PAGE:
Summary of “The Last Lesson” by Alphonse Daudet – Class 12 CBSE: 2022

About the Author: Alphonse Daudet (13 May 1840 – 16 December 1897) was a French novelist. Some of his famous work includes three Tartarins Aventures prodigieuses de Tartarin de Tarascon year 1872, and the three-act play L’Arlésienne. But Fromont jeune et Risler aîné (1874) at once took the world by storm. It struck a note, not new certainly in English literature, but comparatively new in French. His creativeness resulted in characters that were real and also typical. His other work includes Jack, a novel about an illegitimate child, a martyr to his mother’s selfishness, which followed in 1876, served only to deepen the same impression. Daudet died in Paris on 16 December 1897, and was interred at that city’s Père Lachaise Cemetery.

Summary of The Last Lesson – Class 12 CBSE

The story begins with young Franz who got late for school on a gentle morning. Franz was scared that his teacher, Mr. Hamil, was going to scold him as he had not prepared his French lessons on participles on which he was supposed to be questioned. He was tempted by the chirping birds and the drilling of the Prussian soldiers but somehow managed to hurry off to school. On his way to school he had to pass the town hall and noticed a crowd in front of the bulletin board. He immediately recalled the incidents in the past when the bulletin board only gave them bad news- the lost battles, the orders of the commanding officer and so on. However, he hastened off to school but to his surprise, he school was abnormally “still”. Usually there is a lot of hassle during the school hours caused by the opening and closing of desks, repetition of lessons in unison, e teacher’s ruler rapping on the table and more. BUt today everything was as quiet as a Sunday morning. When Franz finally reached the classroom, he saw all his classmates seated in their places while M. Hamel was seen walking up and down with his ruler. He was terrified to get inside the class. But M. Hamel did not reprimand him for being late, instead, he kindly asked him to sit on his place.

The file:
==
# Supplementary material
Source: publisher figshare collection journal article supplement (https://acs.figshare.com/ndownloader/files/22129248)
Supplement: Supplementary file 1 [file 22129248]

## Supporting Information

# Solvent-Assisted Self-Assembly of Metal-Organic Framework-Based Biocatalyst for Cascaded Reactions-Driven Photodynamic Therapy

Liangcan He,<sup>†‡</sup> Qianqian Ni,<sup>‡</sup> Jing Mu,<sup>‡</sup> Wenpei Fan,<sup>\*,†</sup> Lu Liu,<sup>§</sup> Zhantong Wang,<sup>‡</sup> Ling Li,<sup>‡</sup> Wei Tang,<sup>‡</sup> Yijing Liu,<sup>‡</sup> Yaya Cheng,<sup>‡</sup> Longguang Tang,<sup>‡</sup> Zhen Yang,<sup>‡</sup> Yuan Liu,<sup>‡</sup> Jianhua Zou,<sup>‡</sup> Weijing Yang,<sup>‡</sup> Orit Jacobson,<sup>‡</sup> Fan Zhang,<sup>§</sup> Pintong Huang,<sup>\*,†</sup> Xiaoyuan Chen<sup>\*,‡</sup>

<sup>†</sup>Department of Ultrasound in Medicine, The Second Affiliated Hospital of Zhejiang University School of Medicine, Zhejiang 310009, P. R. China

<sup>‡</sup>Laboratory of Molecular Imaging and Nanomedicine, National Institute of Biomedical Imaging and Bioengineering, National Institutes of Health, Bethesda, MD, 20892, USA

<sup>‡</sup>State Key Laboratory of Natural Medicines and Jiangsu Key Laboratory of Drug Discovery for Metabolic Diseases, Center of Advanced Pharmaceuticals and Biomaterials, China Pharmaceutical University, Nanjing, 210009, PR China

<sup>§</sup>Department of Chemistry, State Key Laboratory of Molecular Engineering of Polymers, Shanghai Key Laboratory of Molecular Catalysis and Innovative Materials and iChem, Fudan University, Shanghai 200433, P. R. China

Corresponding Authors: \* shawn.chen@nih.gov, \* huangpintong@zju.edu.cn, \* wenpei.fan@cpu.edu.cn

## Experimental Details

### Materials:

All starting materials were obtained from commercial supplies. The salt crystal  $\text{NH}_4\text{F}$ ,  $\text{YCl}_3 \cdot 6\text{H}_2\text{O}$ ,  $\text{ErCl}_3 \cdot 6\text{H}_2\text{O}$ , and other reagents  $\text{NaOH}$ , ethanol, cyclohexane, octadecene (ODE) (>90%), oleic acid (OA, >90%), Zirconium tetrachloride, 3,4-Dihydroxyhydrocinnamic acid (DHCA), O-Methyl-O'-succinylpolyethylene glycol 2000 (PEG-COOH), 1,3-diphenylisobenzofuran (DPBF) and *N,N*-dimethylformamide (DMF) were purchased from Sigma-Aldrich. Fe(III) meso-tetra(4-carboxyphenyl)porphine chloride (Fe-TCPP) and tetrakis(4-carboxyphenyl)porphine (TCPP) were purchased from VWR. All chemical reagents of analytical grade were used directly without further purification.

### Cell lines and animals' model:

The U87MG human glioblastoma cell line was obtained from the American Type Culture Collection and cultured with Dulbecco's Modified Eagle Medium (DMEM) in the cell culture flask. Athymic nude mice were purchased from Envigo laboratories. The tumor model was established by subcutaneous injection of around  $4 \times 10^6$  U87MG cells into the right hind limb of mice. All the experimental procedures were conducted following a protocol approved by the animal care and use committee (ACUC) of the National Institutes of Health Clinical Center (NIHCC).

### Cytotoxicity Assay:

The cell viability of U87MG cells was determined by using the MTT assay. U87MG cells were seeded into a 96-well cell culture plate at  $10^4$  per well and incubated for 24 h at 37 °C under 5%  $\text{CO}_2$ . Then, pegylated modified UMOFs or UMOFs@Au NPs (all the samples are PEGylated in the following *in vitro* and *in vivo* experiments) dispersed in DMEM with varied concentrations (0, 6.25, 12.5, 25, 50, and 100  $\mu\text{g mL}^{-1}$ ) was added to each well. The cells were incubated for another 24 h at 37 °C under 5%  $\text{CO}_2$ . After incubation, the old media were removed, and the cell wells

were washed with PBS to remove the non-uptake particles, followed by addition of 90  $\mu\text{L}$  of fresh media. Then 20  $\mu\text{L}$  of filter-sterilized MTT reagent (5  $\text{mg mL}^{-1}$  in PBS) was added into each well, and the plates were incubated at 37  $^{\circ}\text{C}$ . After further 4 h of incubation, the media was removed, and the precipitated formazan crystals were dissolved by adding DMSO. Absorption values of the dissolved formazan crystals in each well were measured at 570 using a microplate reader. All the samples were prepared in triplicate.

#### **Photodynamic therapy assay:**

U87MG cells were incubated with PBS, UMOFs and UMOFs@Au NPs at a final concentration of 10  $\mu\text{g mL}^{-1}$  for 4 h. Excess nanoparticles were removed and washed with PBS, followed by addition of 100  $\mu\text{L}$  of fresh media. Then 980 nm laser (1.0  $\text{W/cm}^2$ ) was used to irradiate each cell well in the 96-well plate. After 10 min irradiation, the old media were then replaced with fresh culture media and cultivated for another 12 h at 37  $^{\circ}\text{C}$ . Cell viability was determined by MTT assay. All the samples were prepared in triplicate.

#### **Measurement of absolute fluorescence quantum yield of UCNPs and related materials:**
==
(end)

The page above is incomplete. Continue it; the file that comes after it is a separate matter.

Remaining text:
As he sat down at his desk he suddenly noticed his teacher’s dress for the day. He was dressed formally in his “beautiful green coat”, his frilled shirt and his black silk embroidered cap that he wore only on inspection and prize days. This added to the strangeness of the day and suggested that today was a special day. Again, he noticed that the back benches that are usually empty were filled with the village people including old Hauser, the former mayor, the former postmaster and a lot of other people. Franz was unable to figure anything out as everything about the day was unusual. He sat down there wondering what was going on when M. Hamel announced that today was the last French lesson that he was going to give as an order had come from Berlin to teach only German in the schools of Alsace and Lorraine. Even though Franz feared his master and had no idea about French participles, this news came as a shock to him. He barely knew any French. He felt really sorry for not learning his lessons properly. He regretted the times he seeked bird’s eggs or went for sliding on the Saar and not learning his lessons. The French books that seemed to be a burden on him suddenly became something that was too precious to give up. Even though M. Hamel was a strict and cranky teacher, the idea of not being able to see him again made Franz sad.